We don’t currently know the size and displacement of the Type 003s, and likely won’t be able to even make an educated guess for another year. They will probably be incrementally larger than Type 002 with an incrementally larger air wing and overall combat capability, though one still falling short of American supercarriers. The new carriers are expected to be conventionally powered and fortunately, China’s EMALS system will not reportedly require nuclear power.

At the same time, Chinese designers are believed to be hard at work on a fourth class of carrier, Type 004. According to Popular Science, a leak by the shipbuilder claims the new class, “will displace between ninety thousand and one hundred thousand tons and have electromagnetically assisted launch system (EMALS) catapults for getting aircrafts off the deck. It’ll likely carry a large air wing of J-15 fighters, J-31 stealth fighters, KJ-600 airborne early warning and control aircraft, anti-submarine warfare helicopters, and stealth attack drones.” Such specifications will make them the equal of U.S. carriers, at least on paper.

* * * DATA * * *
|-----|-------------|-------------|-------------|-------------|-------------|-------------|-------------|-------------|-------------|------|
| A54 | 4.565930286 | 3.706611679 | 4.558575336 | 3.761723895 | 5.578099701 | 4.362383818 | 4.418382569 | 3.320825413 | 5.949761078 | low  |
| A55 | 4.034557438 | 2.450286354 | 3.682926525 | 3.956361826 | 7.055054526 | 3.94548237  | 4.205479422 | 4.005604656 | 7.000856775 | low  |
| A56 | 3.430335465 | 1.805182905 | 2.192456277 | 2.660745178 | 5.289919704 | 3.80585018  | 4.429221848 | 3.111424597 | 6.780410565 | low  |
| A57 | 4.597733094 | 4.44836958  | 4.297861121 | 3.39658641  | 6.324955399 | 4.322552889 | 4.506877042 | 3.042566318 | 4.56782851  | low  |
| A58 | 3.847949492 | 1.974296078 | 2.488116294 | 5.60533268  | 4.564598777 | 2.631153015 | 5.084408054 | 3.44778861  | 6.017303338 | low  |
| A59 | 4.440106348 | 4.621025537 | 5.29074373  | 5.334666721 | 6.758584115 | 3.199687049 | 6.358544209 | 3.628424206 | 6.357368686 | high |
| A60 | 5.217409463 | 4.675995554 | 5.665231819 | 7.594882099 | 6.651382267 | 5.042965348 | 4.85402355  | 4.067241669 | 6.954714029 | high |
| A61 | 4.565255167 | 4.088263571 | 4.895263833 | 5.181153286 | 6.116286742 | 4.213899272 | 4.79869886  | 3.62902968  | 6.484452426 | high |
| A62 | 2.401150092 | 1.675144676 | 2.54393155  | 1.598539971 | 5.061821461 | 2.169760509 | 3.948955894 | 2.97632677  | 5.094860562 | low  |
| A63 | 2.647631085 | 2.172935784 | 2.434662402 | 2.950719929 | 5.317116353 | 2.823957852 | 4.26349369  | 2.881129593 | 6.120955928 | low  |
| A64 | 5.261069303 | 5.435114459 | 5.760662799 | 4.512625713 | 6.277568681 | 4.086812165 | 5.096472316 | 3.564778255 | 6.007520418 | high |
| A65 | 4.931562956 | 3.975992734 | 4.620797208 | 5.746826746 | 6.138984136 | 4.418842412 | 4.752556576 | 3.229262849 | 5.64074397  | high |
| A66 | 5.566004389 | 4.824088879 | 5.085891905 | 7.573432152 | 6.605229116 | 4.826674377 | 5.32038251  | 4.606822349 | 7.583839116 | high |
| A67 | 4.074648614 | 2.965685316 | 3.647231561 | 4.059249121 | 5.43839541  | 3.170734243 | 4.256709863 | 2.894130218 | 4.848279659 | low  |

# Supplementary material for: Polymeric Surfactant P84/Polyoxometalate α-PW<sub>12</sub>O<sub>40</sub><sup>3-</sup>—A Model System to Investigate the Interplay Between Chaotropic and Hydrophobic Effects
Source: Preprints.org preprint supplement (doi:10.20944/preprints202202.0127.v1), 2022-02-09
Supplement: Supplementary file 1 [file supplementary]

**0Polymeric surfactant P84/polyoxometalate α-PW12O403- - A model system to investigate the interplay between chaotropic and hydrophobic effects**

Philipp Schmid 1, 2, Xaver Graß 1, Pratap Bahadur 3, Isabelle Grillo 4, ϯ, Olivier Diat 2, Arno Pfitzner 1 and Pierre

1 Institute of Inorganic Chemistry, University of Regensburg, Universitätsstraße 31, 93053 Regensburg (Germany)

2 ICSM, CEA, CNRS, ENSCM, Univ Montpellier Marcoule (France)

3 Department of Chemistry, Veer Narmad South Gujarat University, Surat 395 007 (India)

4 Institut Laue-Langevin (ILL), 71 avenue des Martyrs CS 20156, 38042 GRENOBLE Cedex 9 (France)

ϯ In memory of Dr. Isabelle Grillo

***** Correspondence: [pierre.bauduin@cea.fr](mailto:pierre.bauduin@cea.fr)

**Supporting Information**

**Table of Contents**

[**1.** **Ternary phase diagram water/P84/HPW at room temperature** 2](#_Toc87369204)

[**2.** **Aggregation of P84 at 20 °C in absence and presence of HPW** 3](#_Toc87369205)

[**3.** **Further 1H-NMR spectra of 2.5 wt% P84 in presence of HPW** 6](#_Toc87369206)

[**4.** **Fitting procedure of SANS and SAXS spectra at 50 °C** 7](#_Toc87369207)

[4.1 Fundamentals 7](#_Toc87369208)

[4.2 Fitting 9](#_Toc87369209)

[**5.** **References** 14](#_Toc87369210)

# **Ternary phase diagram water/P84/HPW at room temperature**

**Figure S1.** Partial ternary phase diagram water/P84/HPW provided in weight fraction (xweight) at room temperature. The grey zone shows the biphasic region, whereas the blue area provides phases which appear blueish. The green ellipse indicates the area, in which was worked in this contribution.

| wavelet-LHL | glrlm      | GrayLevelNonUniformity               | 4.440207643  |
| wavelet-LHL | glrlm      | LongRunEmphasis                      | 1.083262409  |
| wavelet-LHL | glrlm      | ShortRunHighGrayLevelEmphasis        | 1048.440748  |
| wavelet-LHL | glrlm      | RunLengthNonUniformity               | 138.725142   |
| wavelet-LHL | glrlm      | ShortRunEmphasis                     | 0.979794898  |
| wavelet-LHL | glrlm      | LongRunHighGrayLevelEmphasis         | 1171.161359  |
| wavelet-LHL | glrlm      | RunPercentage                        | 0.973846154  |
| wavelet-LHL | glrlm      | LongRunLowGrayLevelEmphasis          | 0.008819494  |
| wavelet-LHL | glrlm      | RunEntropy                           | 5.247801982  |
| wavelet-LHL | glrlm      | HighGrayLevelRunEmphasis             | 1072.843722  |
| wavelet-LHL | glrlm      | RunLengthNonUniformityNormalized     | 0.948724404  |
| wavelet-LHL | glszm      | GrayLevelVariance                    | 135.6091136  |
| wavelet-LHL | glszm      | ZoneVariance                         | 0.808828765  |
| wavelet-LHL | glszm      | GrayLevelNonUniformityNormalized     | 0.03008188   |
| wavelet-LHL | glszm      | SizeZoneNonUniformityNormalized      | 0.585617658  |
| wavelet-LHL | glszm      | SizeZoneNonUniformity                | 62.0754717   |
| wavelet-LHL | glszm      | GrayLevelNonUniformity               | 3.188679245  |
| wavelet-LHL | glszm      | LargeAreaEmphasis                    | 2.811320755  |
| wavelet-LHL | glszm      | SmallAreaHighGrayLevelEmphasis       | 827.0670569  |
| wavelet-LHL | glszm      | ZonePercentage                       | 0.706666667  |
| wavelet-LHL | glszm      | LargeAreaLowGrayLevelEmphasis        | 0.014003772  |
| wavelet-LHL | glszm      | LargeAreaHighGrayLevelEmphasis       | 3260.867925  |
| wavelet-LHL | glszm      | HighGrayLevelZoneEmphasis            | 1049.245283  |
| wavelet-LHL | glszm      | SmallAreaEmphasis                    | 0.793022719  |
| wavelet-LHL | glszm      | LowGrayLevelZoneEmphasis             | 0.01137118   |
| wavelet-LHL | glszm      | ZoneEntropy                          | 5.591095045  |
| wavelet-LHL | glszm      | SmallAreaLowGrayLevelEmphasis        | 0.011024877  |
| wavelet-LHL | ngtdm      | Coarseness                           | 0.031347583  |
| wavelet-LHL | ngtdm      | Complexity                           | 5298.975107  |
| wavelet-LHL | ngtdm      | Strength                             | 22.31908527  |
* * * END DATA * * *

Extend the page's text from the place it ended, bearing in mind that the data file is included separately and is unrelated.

Meanwhile, the PLAN is looking forward a next-generation carrier aircraft. The PLAN has twenty-four J-15 multirole fighters, with at least two aircraft lost and two damaged during accidents attributed to the J-15 itself. That’s not enough aircraft to equip two carriers, land-based training units and carriers currently under construction. A future aircraft could be a carrier-based version of the Chengdu J-20 or the J-31/FC-31, China’s two new fifth-generation fighters. An interim solution could be the so-called J-17, an improved J-15 roughly comparable to the F/A-18E/F Super Hornet and the EA-18G Growler.